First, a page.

A. She took it out of the chamber, I don't know if she took the clip out first or after, and then put it in the clip and stuck the clip back into the gun.

Q. Where were you sitting there when you observed this?

A. Just directly across from her.

Q. Well, were you on the same seat of the van with her?

A. No, I was in the back of the van, behind the two seats in front. There are no seats in back. We were sitting on the floor in the back.

Q. Was Emily still driving the van?

A. Yes.

Q. And who was sitting on the floor of the van? You were, the defendant, and William Harris also?

A. Yes.

Q. Incidentally, was any reference made by anyone to the SLA when they got in?

A. William Harris stated that they were with the SLA and they needed to use my car.

Q. Did you notice at that time or shortly thereafter anything unusual about William Harris' wrists?

A. I did not see it at first but he said there was a handcuff on his left wrist.

Q. Did you later see it?

A. Yes.

Q. Now, did you have occasion to go several places for the purpose of obtaining a hacksaw to get that handcuff off?

A. Yes. Almost directly after we started driving around, William Harris told Emily that he would like to find a hacksaw to cut off his handcuff.

Q. And did they eventually find one?

A. Yes. At the third store they found one.

Q. At the first two stores, who went in to get the hacksaw?

A. Emily.

Q. And did she go in the first store also?

A. Yes.

Q. And William Harris and the defendant and you stayed in the van?

A. Yes.

Q. What happened after you saw the defendant remove this bullet from the chamber and put it in the clip and put the clip in? Was anything said at that point by her about the bullet?

A. Yes. She stated that she had heard publicity that they are cyanide bullets or supposedly cyanide bullets, they did not have enough on it to kill anyone, and she stated they did, and the tip was indented, that is all I noticed.

Q. She made a reference to the bullet being cyanide-tipped?

A. Yes.

Q. Now, when William Harris and the defendant first got in the van, you testified that William Harris introduced the defendant to you as Tania, right?

A. Yes.

Q. And both William Harris and the defendant grinned at that point?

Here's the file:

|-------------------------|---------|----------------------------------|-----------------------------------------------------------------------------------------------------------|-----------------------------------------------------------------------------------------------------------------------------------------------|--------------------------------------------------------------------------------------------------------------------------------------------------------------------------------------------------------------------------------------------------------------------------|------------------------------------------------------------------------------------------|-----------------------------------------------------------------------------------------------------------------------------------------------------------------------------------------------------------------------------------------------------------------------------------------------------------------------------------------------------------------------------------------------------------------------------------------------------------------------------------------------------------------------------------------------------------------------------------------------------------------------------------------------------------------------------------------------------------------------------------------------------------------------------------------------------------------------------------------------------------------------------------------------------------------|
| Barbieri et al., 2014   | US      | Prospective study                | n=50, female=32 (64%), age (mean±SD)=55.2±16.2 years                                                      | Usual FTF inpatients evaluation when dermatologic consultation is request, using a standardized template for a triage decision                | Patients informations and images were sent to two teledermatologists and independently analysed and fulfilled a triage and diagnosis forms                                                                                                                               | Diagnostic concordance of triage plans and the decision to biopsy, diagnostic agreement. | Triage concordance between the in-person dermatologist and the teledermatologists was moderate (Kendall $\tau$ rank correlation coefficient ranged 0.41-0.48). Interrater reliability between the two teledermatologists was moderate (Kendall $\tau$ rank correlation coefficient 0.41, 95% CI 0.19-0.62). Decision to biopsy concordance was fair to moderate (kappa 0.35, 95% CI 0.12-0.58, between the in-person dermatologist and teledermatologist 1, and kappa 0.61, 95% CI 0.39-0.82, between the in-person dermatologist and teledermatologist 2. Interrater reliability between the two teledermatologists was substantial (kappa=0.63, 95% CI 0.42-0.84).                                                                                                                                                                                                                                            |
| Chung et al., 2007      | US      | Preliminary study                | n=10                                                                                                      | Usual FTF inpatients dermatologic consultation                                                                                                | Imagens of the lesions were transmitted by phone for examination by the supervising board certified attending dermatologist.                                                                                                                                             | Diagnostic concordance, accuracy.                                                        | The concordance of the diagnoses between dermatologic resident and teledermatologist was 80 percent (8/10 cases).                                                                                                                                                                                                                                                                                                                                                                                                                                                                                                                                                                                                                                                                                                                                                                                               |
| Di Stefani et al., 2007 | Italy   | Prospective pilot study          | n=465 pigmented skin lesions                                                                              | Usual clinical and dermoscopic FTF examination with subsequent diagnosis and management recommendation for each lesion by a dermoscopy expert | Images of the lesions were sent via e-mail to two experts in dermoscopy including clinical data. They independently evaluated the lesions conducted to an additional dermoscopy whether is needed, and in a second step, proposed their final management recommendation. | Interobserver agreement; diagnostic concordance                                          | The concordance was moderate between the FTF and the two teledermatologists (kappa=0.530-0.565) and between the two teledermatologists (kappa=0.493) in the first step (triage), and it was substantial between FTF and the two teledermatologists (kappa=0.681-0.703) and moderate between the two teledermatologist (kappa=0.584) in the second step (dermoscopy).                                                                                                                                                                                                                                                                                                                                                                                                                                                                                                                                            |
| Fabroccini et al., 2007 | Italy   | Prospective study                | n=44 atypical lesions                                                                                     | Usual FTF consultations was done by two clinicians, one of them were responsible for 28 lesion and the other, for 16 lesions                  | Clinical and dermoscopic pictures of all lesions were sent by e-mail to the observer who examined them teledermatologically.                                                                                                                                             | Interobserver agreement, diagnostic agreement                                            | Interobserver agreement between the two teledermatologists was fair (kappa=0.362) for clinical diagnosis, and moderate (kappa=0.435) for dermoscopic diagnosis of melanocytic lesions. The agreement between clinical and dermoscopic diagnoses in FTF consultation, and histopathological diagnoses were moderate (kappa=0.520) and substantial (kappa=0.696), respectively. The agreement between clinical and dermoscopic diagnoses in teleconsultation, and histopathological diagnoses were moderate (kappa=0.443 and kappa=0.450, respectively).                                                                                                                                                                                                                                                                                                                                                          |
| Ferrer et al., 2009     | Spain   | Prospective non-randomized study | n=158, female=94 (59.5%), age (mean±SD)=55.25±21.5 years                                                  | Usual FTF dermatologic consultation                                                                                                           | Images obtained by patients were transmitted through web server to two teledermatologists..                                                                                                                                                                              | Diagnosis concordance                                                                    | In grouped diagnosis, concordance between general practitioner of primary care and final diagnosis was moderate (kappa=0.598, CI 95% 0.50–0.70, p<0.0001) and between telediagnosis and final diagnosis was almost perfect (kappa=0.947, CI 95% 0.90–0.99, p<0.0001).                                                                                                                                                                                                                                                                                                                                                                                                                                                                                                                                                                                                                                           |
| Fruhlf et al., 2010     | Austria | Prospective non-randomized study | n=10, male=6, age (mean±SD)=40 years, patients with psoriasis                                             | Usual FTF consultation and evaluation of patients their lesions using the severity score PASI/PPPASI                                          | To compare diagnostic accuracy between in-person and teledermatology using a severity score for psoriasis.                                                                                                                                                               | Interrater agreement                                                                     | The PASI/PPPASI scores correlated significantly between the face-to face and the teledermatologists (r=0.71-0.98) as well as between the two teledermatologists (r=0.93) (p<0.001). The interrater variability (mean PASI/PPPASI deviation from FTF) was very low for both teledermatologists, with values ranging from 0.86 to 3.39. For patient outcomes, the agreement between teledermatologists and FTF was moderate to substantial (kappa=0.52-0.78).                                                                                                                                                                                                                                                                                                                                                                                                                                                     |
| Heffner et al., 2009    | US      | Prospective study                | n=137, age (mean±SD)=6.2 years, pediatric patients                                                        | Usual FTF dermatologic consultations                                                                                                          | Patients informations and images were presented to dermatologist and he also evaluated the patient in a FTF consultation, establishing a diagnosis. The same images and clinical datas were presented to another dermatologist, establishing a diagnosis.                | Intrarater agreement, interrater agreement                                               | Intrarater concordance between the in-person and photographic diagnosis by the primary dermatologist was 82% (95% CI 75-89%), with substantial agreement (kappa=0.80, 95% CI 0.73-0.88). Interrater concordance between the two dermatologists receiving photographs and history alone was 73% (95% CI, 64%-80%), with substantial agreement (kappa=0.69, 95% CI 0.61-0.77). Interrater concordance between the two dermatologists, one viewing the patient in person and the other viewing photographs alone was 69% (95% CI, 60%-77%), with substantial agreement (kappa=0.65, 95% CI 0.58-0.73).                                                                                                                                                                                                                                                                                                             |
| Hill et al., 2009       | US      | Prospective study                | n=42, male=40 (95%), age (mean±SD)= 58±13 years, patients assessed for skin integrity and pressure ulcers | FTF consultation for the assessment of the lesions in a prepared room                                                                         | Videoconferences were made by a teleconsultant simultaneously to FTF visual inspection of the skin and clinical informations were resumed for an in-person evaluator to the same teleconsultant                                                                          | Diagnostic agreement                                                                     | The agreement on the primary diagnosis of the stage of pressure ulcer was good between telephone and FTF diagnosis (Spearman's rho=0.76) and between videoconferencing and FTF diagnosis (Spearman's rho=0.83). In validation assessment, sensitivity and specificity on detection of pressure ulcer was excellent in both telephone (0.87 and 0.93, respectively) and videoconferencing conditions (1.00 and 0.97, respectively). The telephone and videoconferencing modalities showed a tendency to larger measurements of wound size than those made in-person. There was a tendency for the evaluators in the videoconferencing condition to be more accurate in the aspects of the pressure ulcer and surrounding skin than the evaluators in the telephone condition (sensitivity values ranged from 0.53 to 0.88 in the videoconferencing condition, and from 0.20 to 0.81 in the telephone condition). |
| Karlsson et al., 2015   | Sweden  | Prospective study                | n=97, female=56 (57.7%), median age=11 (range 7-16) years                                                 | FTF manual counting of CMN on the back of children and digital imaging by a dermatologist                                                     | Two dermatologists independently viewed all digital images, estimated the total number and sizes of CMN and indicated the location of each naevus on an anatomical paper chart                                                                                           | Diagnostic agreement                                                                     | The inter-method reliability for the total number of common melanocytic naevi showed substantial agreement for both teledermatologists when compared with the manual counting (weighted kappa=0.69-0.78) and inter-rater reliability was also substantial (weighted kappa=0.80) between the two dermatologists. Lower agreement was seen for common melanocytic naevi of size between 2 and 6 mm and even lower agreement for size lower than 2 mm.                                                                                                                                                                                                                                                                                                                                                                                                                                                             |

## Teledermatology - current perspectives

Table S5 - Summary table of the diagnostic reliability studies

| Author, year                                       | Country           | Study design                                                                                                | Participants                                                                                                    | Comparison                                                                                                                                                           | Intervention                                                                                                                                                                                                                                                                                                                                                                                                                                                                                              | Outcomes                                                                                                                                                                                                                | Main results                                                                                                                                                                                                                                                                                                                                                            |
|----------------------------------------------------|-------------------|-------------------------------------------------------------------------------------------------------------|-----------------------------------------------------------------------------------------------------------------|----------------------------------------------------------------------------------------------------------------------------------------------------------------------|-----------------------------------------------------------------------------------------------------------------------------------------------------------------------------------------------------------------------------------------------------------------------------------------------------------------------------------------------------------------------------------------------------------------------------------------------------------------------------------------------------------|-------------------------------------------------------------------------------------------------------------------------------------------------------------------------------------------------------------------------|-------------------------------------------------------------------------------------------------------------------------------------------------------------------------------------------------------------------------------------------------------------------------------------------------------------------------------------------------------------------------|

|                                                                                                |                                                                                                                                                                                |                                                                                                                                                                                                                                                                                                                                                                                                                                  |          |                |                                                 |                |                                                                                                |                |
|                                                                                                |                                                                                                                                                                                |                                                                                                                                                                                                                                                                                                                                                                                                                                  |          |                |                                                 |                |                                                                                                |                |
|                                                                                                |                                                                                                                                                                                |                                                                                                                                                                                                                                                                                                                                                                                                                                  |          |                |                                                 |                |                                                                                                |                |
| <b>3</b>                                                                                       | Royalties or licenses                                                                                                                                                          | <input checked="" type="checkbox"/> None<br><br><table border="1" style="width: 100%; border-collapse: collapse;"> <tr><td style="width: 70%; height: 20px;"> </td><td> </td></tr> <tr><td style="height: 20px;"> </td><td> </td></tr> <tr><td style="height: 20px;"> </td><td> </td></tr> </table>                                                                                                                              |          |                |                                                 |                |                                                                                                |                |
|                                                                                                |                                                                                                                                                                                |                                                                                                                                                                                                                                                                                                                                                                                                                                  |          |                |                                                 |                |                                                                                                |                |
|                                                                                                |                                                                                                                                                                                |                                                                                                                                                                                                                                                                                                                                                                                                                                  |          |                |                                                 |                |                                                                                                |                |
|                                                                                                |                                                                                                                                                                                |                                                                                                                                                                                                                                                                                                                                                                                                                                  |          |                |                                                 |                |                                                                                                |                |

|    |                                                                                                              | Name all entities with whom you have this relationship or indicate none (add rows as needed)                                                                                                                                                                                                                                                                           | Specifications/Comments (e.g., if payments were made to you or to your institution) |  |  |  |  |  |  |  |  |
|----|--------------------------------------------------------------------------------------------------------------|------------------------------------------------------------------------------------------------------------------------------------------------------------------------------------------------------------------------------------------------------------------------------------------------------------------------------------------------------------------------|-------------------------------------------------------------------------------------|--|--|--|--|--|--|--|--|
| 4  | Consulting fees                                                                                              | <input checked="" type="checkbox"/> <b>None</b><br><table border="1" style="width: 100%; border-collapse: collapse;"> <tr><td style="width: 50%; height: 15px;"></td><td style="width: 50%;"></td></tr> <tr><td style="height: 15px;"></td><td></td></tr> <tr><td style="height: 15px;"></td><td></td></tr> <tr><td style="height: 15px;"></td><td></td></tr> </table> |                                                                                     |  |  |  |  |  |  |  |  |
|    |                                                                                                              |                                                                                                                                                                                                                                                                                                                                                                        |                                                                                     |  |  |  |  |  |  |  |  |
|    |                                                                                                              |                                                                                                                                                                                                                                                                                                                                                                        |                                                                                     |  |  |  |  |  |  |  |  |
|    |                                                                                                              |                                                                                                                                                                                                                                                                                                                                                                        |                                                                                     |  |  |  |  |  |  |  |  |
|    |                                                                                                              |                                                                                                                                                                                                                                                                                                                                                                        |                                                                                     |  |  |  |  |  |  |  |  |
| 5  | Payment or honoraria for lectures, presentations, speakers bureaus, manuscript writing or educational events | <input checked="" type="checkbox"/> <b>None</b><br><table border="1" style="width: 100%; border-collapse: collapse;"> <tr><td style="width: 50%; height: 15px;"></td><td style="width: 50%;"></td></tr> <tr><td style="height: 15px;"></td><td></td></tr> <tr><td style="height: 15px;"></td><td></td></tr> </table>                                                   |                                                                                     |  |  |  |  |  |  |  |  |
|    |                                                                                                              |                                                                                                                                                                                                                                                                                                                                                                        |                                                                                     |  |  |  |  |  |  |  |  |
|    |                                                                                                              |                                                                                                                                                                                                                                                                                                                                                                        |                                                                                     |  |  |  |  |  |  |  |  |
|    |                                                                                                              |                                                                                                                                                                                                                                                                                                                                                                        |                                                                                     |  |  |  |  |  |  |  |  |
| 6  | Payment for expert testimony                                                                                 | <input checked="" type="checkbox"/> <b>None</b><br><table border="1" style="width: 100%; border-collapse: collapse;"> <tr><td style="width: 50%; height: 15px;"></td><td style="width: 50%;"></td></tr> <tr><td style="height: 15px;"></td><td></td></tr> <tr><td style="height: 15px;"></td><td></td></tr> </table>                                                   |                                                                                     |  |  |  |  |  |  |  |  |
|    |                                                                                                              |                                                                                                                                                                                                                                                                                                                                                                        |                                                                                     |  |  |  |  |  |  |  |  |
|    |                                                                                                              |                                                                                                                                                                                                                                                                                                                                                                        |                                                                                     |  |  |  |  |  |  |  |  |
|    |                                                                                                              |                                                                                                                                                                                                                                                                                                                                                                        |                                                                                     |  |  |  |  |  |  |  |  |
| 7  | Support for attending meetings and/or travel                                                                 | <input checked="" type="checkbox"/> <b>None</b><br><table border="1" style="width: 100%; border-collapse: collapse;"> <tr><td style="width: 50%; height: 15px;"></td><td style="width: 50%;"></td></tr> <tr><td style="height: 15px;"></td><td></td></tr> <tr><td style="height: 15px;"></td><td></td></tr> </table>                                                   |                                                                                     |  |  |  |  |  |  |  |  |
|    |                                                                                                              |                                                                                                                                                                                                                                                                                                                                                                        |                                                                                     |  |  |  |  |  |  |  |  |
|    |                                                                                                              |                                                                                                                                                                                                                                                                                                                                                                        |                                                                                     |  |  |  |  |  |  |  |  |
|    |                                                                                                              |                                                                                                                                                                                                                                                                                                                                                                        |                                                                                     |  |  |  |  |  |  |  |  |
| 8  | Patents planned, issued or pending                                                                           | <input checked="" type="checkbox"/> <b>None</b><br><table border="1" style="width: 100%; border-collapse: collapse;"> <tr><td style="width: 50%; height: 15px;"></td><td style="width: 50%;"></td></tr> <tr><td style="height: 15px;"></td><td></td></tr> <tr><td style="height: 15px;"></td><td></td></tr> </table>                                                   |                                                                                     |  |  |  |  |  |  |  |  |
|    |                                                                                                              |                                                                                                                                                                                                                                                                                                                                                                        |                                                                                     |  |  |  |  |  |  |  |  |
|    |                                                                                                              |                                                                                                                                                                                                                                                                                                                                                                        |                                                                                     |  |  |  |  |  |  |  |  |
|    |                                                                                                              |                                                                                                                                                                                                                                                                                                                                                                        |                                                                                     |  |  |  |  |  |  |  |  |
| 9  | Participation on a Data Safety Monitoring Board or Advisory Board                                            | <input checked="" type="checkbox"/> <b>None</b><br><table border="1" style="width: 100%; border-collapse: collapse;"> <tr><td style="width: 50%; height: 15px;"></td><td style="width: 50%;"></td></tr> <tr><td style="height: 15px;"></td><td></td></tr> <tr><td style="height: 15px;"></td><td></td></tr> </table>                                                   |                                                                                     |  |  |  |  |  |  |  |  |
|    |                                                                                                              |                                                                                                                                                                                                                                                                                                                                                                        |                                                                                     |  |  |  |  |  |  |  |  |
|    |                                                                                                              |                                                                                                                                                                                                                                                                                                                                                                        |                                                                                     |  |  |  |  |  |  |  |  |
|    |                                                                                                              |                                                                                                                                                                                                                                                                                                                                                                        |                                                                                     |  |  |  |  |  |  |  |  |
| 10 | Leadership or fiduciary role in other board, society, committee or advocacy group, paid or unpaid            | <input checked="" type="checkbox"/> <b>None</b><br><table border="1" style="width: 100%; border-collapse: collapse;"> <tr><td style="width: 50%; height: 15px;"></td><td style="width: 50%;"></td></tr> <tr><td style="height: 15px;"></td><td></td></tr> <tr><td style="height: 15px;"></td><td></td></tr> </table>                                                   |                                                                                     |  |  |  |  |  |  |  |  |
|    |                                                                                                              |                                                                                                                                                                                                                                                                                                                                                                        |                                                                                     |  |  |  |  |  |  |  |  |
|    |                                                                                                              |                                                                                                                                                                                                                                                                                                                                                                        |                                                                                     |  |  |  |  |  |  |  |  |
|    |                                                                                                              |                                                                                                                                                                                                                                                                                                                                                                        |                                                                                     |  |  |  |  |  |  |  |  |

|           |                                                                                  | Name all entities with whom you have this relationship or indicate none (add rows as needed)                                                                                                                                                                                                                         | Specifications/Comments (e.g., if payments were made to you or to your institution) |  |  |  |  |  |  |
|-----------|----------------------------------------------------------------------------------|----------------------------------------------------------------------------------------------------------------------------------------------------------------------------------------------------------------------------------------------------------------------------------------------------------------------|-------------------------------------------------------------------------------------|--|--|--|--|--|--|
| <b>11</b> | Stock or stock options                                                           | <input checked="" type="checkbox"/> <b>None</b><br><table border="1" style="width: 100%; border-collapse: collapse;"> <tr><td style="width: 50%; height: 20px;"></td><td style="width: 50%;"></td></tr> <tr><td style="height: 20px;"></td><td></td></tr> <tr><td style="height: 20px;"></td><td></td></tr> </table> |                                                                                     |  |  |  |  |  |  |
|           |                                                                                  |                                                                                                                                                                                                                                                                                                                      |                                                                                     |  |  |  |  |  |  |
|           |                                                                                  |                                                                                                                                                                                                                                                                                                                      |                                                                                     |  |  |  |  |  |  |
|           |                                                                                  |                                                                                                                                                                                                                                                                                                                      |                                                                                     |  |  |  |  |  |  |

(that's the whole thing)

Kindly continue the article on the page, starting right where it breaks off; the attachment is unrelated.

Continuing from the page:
A. Yes.

Q. Now, as you drove around looking for a place to find a hacksaw, was there a conversation between you and the defendant with regard to a bank robbery?

A. Yes. I asked them why they had robbed the bank.

Q. Before we get into that, Tom, let me ask you how that conversation started out. Do you recall what was first said to lead into that conversation?

A. Yes. I asked them why they robbed the bank.

Q. And did they tell you?

A. Yes. William Harris stated that they needed money because they were fighting guerrilla warfare and it was not easy what they were doing, and then Patricia Hearst stated that she had heard a lot of publicity about the bank robbery that she was tied to her gun and could not fire it, and people were pointing guns at her, her own SLA members. And she said this was all false.

Q. And immediately preceding this conversation, did you at any time, Tom, hear William Harris say to the defendant, "Tell him," meaning you, "about the bank robbery"?

A. No.

Q. Are you sure about that?

A. Not positive, I don't remember.

Q. Okay, you don't remember any such words, right?

A. Right.

Q. Incidentally, after she removed this bullet from the chamber and put it in the clip, what did she do with that weapon?

A. I believe she handed it to William Harris.

Q. Were there any other weapons in the back of the van?

A. Yes. They had one identical to the automatic weapon and I believe they had two handguns.

Q. And where were those located, to the best of your recollection?

A. I believe Emily Harris had one in her purse and I don't remember who was carrying the other one at the start.

Q. You don't recall in whose possession the other revolver was in, or the handgun?

A. The start of the evening, no, I don't.

Q. Do you recall whether the defendant ever had possession of a handgun?

A. Yes, the next morning she had possession.

Q. Will you tell the Court about that, please.

A. It was on the morning of the 17th, I woke up and they were discussing how they were going to get another car, and I think William Harris stated that they should just jump out in front of a car at a stop sign and take over the car, but Emily Harris said the two females should act as hitchhikers and pull their weapons on the driver, and I think Emily Harris had her revolver, or whatever it was, her handgun in the purse, and Patricia Hearst was trying to find out where to put hers, in front of her pants or back.

Q. Where did she get that handgun?

A. I don't remember.

Q. You do recall her having a handgun at that time or at that point?


Q. Do you recall whether that handgun was loaded with live ammunition?

A. No, I don't.